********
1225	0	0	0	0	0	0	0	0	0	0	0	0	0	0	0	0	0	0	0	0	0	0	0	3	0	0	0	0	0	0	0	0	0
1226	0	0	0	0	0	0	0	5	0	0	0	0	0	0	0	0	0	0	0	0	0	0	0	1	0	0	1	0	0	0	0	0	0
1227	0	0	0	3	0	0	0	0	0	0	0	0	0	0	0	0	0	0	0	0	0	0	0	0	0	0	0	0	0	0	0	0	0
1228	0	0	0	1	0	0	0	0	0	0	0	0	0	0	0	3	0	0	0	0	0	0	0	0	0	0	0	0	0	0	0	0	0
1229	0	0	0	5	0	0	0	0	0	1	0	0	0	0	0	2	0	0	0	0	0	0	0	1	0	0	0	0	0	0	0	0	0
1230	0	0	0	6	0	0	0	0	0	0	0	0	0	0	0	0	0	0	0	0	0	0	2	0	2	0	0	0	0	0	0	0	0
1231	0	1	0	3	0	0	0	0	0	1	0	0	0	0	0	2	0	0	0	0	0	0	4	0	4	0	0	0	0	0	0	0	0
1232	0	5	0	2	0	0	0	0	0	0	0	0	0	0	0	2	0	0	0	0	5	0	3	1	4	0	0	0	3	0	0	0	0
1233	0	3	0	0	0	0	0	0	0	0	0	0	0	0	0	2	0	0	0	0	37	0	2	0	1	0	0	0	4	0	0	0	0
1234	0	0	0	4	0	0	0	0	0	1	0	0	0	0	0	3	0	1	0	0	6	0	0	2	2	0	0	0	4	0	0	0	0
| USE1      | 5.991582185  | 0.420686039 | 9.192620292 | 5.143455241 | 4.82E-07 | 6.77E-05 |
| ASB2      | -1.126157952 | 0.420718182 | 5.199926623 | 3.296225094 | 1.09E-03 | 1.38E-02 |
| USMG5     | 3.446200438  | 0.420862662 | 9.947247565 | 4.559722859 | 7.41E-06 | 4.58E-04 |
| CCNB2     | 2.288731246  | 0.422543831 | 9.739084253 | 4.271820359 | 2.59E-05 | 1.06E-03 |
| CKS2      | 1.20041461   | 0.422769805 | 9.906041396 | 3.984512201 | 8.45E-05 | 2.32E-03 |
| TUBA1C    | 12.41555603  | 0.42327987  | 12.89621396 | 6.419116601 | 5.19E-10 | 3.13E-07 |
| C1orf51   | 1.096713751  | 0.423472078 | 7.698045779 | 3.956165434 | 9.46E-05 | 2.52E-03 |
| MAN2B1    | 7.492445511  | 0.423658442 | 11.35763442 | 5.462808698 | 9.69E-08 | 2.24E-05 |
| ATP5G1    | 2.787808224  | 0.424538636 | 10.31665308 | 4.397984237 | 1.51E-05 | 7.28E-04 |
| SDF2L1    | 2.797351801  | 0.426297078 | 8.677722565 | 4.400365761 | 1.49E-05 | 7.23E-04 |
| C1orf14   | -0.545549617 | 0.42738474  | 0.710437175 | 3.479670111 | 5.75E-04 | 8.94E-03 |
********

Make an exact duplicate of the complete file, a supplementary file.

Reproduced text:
1225	0	0	0	0	0	0	0	0	0	0	0	0	0	0	0	0	0	0	0	0	0	0	0	3	0	0	0	0	0	0	0	0	0
1226	0	0	0	0	0	0	0	5	0	0	0	0	0	0	0	0	0	0	0	0	0	0	0	1	0	0	1	0	0	0	0	0	0
1227	0	0	0	3	0	0	0	0	0	0	0	0	0	0	0	0	0	0	0	0	0	0	0	0	0	0	0	0	0	0	0	0	0
1228	0	0	0	1	0	0	0	0	0	0	0	0	0	0	0	3	0	0	0	0	0	0	0	0	0	0	0	0	0	0	0	0	0
1229	0	0	0	5	0	0	0	0	0	1	0	0	0	0	0	2	0	0	0	0	0	0	0	1	0	0	0	0	0	0	0	0	0
1230	0	0	0	6	0	0	0	0	0	0	0	0	0	0	0	0	0	0	0	0	0	0	2	0	2	0	0	0	0	0	0	0	0
1231	0	1	0	3	0	0	0	0	0	1	0	0	0	0	0	2	0	0	0	0	0	0	4	0	4	0	0	0	0	0	0	0	0
1232	0	5	0	2	0	0	0	0	0	0	0	0	0	0	0	2	0	0	0	0	5	0	3	1	4	0	0	0	3	0	0	0	0
1233	0	3	0	0	0	0	0	0	0	0	0	0	0	0	0	2	0	0	0	0	37	0	2	0	1	0	0	0	4	0	0	0	0
1234	0	0	0	4	0	0	0	0	0	1	0	0	0	0	0	3	0	1	0	0	6	0	0	2	2	0	0	0	4	0	0	0	0
| USE1      | 5.991582185  | 0.420686039 | 9.192620292 | 5.143455241 | 4.82E-07 | 6.77E-05 |
| ASB2      | -1.126157952 | 0.420718182 | 5.199926623 | 3.296225094 | 1.09E-03 | 1.38E-02 |
| USMG5     | 3.446200438  | 0.420862662 | 9.947247565 | 4.559722859 | 7.41E-06 | 4.58E-04 |
| CCNB2     | 2.288731246  | 0.422543831 | 9.739084253 | 4.271820359 | 2.59E-05 | 1.06E-03 |
| CKS2      | 1.20041461   | 0.422769805 | 9.906041396 | 3.984512201 | 8.45E-05 | 2.32E-03 |
| TUBA1C    | 12.41555603  | 0.42327987  | 12.89621396 | 6.419116601 | 5.19E-10 | 3.13E-07 |
| C1orf51   | 1.096713751  | 0.423472078 | 7.698045779 | 3.956165434 | 9.46E-05 | 2.52E-03 |
| MAN2B1    | 7.492445511  | 0.423658442 | 11.35763442 | 5.462808698 | 9.69E-08 | 2.24E-05 |
| ATP5G1    | 2.787808224  | 0.424538636 | 10.31665308 | 4.397984237 | 1.51E-05 | 7.28E-04 |
| SDF2L1    | 2.797351801  | 0.426297078 | 8.677722565 | 4.400365761 | 1.49E-05 | 7.23E-04 |
| C1orf14   | -0.545549617 | 0.42738474  | 0.710437175 | 3.479670111 | 5.75E-04 | 8.94E-03 |